It’s the end of the old faithful round £1 coins, and by the end of the week you’ll no longer be able to use them to make purchases in shops, supermarkets, vending machines and car parks.
After 34 years of circulation the old solid one pound coins are being retired. They were first introduced in 1983, replacing £1 notes, after the mint decided that a coin would give the commonly used £1 denomination a longer lifespan.
Are you happy with where you're keeping your pounds?
Could you get a better rate of interest, a cheaper overdraft or useful freebies? Compare bank accounts and see if you can find one you like.Compare bank accounts
You can’t use old £1 coins after 15 October
As of Sunday 15 October 2017 retailers and businesses can refuse to accept the old round £1 coin and it ceases to be legal tender.
So you will no longer be able to use any pounds issued between 1983 and 2016, though some shops might continue to accept them for a while (see more on this below).
What can you do with your old pound coins after 15 October?
If you miss the deadline to use your old pound, most high street banks, building societies and post offices will exchange it for either a new £1 coin, or let you deposit them into your account.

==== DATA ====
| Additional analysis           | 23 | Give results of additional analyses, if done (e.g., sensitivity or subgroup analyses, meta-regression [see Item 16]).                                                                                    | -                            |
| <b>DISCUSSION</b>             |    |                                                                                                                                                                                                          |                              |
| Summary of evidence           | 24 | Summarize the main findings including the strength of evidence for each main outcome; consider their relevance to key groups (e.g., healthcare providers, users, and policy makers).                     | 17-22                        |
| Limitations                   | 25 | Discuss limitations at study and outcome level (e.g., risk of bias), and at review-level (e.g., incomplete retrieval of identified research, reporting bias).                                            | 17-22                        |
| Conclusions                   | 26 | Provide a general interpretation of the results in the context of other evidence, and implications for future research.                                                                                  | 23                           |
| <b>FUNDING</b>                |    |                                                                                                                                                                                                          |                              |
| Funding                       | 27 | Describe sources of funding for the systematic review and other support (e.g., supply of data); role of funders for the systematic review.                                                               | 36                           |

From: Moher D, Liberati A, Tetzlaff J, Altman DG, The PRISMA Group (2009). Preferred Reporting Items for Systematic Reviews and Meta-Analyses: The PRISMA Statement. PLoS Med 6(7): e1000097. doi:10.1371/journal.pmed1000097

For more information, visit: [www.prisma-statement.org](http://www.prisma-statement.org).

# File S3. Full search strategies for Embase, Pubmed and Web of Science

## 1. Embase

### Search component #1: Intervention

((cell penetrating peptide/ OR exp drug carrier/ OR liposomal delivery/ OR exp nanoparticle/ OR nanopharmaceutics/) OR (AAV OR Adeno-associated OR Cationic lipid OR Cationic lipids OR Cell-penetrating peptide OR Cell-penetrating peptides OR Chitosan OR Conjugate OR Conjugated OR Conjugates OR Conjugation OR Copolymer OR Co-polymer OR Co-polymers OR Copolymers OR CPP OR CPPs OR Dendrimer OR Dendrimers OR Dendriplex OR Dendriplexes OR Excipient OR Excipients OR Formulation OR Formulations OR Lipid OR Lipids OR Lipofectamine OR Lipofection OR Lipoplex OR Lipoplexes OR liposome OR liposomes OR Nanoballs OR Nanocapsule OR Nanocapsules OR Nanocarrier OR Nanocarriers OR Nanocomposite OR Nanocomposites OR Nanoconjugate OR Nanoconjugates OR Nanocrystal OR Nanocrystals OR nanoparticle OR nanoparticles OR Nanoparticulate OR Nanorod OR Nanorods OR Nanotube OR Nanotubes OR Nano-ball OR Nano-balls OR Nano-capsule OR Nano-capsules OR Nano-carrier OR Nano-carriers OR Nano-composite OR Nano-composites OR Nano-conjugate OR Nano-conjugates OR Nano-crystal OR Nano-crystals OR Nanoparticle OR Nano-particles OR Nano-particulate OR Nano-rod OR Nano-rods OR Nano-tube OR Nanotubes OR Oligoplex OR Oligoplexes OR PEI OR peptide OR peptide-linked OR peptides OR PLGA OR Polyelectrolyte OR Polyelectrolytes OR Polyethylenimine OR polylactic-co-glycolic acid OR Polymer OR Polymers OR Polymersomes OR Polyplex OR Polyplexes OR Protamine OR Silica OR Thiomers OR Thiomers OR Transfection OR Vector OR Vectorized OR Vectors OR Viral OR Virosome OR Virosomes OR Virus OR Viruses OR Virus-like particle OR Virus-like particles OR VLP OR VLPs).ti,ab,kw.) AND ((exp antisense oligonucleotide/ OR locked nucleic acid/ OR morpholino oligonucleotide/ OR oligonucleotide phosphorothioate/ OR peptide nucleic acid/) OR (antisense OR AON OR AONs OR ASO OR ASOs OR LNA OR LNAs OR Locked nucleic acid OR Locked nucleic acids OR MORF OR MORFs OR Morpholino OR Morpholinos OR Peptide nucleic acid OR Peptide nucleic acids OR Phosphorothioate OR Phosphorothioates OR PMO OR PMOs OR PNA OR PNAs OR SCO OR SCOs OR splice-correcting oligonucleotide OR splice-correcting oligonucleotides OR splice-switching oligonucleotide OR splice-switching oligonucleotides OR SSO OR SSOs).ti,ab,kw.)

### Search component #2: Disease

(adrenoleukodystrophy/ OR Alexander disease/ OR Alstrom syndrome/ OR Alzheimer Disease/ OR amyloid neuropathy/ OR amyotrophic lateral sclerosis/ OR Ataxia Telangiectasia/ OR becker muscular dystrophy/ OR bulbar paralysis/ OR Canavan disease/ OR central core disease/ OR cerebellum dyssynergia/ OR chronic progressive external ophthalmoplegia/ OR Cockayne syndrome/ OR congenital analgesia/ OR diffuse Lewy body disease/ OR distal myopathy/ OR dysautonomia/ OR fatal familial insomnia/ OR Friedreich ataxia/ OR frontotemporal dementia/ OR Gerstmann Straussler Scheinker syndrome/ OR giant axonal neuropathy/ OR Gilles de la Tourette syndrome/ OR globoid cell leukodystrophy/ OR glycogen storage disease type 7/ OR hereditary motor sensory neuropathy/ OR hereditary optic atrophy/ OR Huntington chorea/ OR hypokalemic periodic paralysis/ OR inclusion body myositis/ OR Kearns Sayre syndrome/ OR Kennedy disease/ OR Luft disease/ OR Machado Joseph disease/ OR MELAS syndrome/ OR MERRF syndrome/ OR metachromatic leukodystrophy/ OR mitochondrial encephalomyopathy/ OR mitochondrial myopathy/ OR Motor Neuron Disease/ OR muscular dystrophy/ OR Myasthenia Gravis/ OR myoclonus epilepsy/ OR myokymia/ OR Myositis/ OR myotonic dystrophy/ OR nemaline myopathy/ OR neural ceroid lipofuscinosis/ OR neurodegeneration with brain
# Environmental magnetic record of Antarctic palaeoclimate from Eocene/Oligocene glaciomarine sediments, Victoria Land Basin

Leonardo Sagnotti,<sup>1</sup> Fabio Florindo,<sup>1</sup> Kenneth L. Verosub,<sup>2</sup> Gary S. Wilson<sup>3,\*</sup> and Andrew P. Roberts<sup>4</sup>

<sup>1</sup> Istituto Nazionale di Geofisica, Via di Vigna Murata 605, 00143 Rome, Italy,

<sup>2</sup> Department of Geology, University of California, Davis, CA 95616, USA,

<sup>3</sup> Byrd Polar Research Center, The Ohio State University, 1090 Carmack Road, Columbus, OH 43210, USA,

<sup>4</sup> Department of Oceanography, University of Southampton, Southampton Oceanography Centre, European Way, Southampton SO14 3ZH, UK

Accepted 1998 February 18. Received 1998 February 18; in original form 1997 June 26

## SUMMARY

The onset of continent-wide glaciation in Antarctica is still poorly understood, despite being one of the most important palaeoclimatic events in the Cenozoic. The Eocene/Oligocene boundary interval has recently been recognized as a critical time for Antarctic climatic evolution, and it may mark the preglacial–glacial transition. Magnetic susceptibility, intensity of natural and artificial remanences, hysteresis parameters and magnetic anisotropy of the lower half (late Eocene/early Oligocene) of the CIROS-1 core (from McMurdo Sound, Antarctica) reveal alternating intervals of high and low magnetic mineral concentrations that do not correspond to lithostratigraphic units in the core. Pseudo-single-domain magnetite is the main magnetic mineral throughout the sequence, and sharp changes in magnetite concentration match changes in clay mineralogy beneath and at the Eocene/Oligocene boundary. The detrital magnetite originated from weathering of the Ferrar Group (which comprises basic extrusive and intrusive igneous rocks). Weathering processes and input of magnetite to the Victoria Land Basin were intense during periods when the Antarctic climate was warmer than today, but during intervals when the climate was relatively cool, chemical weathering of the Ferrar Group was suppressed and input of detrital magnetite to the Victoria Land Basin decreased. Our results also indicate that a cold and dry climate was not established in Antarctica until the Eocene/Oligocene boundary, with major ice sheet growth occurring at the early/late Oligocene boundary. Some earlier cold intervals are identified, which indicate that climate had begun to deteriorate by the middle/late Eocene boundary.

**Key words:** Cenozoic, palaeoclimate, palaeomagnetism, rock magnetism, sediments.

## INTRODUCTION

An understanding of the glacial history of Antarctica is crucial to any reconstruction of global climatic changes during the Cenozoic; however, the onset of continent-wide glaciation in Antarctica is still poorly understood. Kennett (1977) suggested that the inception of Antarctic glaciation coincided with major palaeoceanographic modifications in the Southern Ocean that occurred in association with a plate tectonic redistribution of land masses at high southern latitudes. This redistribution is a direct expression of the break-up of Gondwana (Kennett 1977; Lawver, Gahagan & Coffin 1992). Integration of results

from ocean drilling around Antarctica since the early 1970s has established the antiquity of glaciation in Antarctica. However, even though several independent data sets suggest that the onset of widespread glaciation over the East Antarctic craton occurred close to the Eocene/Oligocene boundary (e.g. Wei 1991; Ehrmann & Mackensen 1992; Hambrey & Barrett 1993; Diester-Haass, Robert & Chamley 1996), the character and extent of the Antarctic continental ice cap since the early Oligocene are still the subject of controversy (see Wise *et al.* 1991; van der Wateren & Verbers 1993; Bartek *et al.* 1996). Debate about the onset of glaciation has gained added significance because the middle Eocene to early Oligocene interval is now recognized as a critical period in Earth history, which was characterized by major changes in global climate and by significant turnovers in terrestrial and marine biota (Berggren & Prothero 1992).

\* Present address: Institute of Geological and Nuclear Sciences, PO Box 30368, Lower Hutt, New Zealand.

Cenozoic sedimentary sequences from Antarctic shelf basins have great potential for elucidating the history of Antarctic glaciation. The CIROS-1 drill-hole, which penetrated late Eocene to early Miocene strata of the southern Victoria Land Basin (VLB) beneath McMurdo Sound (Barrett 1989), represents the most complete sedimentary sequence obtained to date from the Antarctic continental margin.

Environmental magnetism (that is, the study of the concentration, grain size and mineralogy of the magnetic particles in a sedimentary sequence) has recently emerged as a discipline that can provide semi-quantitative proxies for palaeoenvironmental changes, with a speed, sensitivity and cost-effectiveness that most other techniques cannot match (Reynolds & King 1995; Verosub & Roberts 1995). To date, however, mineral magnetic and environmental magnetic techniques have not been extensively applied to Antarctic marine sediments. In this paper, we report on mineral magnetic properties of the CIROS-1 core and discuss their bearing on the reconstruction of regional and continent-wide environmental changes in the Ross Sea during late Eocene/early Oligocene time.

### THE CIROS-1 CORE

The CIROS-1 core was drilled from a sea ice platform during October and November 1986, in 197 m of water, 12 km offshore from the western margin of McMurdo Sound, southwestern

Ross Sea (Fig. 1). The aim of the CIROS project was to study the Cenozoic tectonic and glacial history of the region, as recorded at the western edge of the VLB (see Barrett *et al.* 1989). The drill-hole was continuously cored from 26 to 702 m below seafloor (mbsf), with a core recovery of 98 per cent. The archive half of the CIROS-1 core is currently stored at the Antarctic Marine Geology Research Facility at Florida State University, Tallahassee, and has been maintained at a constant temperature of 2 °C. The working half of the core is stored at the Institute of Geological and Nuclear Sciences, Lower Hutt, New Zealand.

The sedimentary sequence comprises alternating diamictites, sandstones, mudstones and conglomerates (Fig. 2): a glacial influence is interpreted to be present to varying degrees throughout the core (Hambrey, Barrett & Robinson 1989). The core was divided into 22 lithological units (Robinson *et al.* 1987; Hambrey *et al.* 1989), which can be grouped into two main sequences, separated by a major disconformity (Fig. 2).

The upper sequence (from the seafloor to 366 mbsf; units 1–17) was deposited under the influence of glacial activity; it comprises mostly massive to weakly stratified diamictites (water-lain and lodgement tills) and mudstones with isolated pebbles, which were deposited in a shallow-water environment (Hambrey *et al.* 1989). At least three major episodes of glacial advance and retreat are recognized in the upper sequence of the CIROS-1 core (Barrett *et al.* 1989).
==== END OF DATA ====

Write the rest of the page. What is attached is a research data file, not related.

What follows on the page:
You should be able to do this with any old currency you have lying around, even if you have an old £1 bank note from before 1983. However, note you will only get face value for the currency and it won’t be adjusted for inflation.
The new £1 coin
After more than three decades of service, the Royal Mint decided it was time to retire the round solid £1 coins for a new model that is harder to make fake copies of.
Royal Mint chief executive, Adam Lawrence, said it’s the “most innovative and secure coin” the Mint has ever made.
The pound is a combination of two metals, like the £2 coin or the euro, which makes it much harder to counterfeit than a solid coin.
And taking currency design into the future, the coin features a unique hologram-like image which changes the pound symbol to the number one depending on the angle.
Is the deadline too soon?
The new pound coin was introduced on 28 March 2017 (as was the October deadline to stop accepting the old pound coin), but thousands of shops say they’re likely to ignore the deadline this Sunday.
A trade body representing 170,000 small retailers advised its members to continue taking the coins, because the changeover period has not been long enough.
Mike Cherry, the national chairman of the Federation of Small Businesses, said they welcomed the security against counterfeit currency “but the changeover period has been fairly short.
“While no business is obliged to accept the old coins beyond the deadline, it would help if small firms knew they were allowed a short transition period to collect the old coins if they wish to, and are willing to bank them, but not give out to customers.”